Logarithms, Time, and Living a Long Life
In 1987, Paul Janet put forward the idea that when you’re one year old, a year is 100% of your life. When you’re 2, a year is reduced to 50%, and so on. It’s why car rides are so long for young children, and why waiting for summer break can sometimes feel like an eternity when you’re young but then three fly by in what seems like an instant as an adult.
The apparent length of a period of time is proportional to the total time you’ve been alive. If you were to map it on with a line, you’d see your life compress toward the end, creating a logarithmic type of function.
There are some benefits to this. For one, you don’t need to wait as long for things to happen. We teach kids patience at school and at home, but maybe it’s not patience that’s needed… instead, maybe it’s just time and plotting ourselves farther along the x-axis of the logarithmic function. My wife and I will sometimes plan events a year in advance, and while it seems it’s far away, it always approaches (and then is over) fairly quickly. I notice this with fun parties too. I show up and in seemingly just a few seconds the party is over and everyone is going home.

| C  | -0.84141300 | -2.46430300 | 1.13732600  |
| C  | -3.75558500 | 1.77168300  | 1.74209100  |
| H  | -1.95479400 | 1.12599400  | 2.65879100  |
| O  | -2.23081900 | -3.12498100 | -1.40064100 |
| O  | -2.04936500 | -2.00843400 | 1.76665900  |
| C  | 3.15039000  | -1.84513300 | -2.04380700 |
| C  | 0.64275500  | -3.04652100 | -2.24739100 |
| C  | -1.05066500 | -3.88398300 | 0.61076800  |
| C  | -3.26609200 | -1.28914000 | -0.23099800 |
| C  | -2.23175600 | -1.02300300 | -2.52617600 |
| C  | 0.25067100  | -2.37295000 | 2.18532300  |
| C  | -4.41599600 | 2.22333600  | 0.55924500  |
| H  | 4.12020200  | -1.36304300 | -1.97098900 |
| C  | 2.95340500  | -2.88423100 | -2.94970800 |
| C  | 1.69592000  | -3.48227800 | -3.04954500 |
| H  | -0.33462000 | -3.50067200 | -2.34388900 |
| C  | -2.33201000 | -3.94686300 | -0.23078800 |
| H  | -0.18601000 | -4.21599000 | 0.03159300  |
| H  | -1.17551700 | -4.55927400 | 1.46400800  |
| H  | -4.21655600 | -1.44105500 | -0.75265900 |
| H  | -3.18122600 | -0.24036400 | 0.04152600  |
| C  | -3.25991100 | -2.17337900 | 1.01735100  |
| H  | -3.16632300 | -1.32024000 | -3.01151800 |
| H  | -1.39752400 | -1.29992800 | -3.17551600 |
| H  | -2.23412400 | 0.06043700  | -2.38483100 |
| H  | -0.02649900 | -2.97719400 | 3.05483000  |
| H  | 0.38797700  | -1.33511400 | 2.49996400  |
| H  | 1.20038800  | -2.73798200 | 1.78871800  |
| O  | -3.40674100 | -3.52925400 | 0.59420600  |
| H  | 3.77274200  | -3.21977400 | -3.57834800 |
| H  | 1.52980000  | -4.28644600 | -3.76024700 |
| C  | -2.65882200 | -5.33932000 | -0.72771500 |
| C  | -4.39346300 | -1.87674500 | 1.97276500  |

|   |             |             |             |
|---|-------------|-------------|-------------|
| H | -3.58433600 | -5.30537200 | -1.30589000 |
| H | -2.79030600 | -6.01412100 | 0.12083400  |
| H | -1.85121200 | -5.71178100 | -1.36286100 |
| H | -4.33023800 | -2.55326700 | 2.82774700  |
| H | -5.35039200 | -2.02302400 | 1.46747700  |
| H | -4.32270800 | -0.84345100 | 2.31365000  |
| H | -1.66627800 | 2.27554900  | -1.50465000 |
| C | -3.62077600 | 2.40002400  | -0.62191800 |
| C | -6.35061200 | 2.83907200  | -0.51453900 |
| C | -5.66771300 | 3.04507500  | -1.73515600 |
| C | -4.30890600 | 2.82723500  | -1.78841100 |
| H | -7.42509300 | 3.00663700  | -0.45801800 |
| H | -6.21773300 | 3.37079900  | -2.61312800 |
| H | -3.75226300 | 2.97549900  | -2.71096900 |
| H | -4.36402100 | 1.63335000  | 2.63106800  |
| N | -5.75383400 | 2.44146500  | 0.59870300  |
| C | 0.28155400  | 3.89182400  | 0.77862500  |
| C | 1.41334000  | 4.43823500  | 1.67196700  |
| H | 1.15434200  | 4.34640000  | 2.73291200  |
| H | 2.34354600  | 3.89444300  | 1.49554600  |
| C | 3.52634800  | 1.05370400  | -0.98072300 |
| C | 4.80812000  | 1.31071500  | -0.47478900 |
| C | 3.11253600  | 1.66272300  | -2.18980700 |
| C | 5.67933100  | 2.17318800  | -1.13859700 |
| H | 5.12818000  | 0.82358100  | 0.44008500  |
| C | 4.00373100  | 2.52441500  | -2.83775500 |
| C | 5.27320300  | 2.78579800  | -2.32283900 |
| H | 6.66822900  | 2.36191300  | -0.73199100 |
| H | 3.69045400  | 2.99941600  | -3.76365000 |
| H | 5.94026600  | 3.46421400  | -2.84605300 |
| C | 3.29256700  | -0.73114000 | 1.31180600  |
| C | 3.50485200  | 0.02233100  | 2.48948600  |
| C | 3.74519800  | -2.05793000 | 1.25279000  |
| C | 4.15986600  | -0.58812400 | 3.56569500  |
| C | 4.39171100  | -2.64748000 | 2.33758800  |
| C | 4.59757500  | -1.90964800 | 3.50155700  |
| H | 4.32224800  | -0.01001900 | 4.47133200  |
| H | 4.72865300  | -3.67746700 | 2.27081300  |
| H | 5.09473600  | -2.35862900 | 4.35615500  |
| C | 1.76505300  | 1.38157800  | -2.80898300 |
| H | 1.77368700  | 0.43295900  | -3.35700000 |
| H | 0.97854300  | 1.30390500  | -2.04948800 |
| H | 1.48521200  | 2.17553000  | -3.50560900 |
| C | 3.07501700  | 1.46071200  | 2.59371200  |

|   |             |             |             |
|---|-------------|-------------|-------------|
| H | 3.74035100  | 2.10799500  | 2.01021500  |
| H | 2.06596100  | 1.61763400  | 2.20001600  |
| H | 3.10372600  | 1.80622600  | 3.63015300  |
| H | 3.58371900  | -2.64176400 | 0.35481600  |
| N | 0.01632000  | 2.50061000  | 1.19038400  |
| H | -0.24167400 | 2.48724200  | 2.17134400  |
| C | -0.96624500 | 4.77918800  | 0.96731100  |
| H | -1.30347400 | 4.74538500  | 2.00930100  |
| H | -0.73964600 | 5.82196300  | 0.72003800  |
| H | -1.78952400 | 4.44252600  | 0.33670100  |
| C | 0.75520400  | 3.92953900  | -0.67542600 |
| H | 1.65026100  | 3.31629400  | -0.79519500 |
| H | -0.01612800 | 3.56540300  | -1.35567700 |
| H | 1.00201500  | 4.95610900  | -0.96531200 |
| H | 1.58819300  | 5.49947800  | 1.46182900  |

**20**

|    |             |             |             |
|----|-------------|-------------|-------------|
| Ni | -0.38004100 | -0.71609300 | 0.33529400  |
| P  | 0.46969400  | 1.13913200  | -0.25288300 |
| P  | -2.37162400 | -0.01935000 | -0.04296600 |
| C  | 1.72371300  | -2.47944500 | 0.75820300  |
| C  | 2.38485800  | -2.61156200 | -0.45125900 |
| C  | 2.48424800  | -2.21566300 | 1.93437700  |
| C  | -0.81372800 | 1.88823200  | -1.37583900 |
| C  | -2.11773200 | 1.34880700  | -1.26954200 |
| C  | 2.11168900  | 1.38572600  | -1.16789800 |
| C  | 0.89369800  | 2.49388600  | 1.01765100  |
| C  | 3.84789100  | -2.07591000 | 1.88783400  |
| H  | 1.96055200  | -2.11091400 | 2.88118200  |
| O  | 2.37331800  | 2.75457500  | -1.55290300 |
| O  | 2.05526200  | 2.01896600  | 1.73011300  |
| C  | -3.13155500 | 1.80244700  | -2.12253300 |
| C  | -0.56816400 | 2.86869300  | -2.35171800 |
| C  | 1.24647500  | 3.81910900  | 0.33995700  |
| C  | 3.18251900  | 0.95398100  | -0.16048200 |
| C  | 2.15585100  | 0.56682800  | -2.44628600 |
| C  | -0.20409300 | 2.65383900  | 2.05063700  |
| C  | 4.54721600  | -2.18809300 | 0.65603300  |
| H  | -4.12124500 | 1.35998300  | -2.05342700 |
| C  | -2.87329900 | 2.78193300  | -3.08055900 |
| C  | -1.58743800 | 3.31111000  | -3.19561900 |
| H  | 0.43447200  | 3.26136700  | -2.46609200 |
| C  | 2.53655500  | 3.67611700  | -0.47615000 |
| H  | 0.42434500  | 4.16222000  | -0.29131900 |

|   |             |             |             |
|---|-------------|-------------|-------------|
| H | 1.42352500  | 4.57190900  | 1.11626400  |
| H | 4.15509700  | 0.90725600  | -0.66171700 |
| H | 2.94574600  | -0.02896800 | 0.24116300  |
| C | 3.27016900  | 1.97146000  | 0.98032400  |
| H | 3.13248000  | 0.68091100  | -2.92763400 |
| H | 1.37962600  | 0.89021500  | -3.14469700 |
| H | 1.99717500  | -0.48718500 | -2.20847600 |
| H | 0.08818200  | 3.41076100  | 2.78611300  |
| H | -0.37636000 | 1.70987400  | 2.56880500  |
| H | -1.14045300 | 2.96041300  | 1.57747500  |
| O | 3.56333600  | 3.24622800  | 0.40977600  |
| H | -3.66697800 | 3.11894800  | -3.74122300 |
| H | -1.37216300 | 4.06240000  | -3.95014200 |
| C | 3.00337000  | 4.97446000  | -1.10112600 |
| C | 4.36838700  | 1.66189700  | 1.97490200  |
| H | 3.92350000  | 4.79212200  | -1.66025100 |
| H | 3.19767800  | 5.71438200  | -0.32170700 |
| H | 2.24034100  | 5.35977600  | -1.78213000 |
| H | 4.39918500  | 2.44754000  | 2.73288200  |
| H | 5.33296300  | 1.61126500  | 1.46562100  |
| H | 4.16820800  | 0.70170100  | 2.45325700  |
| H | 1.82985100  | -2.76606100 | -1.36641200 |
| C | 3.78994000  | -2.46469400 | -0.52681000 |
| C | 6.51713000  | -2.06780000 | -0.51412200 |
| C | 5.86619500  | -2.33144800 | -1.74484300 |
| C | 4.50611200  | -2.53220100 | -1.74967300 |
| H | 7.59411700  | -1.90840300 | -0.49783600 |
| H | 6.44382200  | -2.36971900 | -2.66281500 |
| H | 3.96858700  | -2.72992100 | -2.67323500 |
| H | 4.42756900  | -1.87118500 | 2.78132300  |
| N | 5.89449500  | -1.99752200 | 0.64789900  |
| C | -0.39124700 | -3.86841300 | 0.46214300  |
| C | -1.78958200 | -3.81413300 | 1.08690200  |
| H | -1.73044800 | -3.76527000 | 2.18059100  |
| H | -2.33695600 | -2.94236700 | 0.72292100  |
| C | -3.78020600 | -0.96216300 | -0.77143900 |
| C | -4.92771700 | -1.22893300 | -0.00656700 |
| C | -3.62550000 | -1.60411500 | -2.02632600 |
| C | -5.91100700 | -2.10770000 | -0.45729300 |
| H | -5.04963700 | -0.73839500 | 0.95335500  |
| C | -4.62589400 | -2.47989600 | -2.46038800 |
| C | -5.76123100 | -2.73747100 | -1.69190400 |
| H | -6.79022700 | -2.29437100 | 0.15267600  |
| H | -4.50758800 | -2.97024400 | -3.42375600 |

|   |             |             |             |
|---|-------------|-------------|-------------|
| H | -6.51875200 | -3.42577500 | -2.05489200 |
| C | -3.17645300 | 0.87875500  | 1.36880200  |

Compare that to those nights in college that seemed to just go on forever and ended with Chinese takeout in a dorm lounge.
The downsides are somewhat obvious – life will feel a lot shorter than the years it takes to live would have you believe. Time just seems to slip by because every day becomes a lot more uniform, especially if you work at a desk or have the exact same routine every day. For those with kids, a huge downside is that your perception of watching your child grow is far shorter than their perception of how long it takes to grow.
But David Eagleman, a professor at Baylor College, says that there’s a way to combat this. Not a way to live longer, but a way to expand the perceived length of time. And that is to seek novelty.
This draws upon the fact that as children, everything is new and novel. Our perceptions of a year change but things also become more familiar. So if you seek out new and novel experiences as often as you can, the length of perceived time it takes for a year to occur should slow significantly.
When I think about parenting, I realize that part of being able to enjoy the ride has to do with seeking novelty. They say it goes by so fast, and they’re correct. But the choices we make during the ride about what activities to do every day and how far we stray from normalcy should have an effect on our enjoyment and fulfillment. And that’s worth pursuing.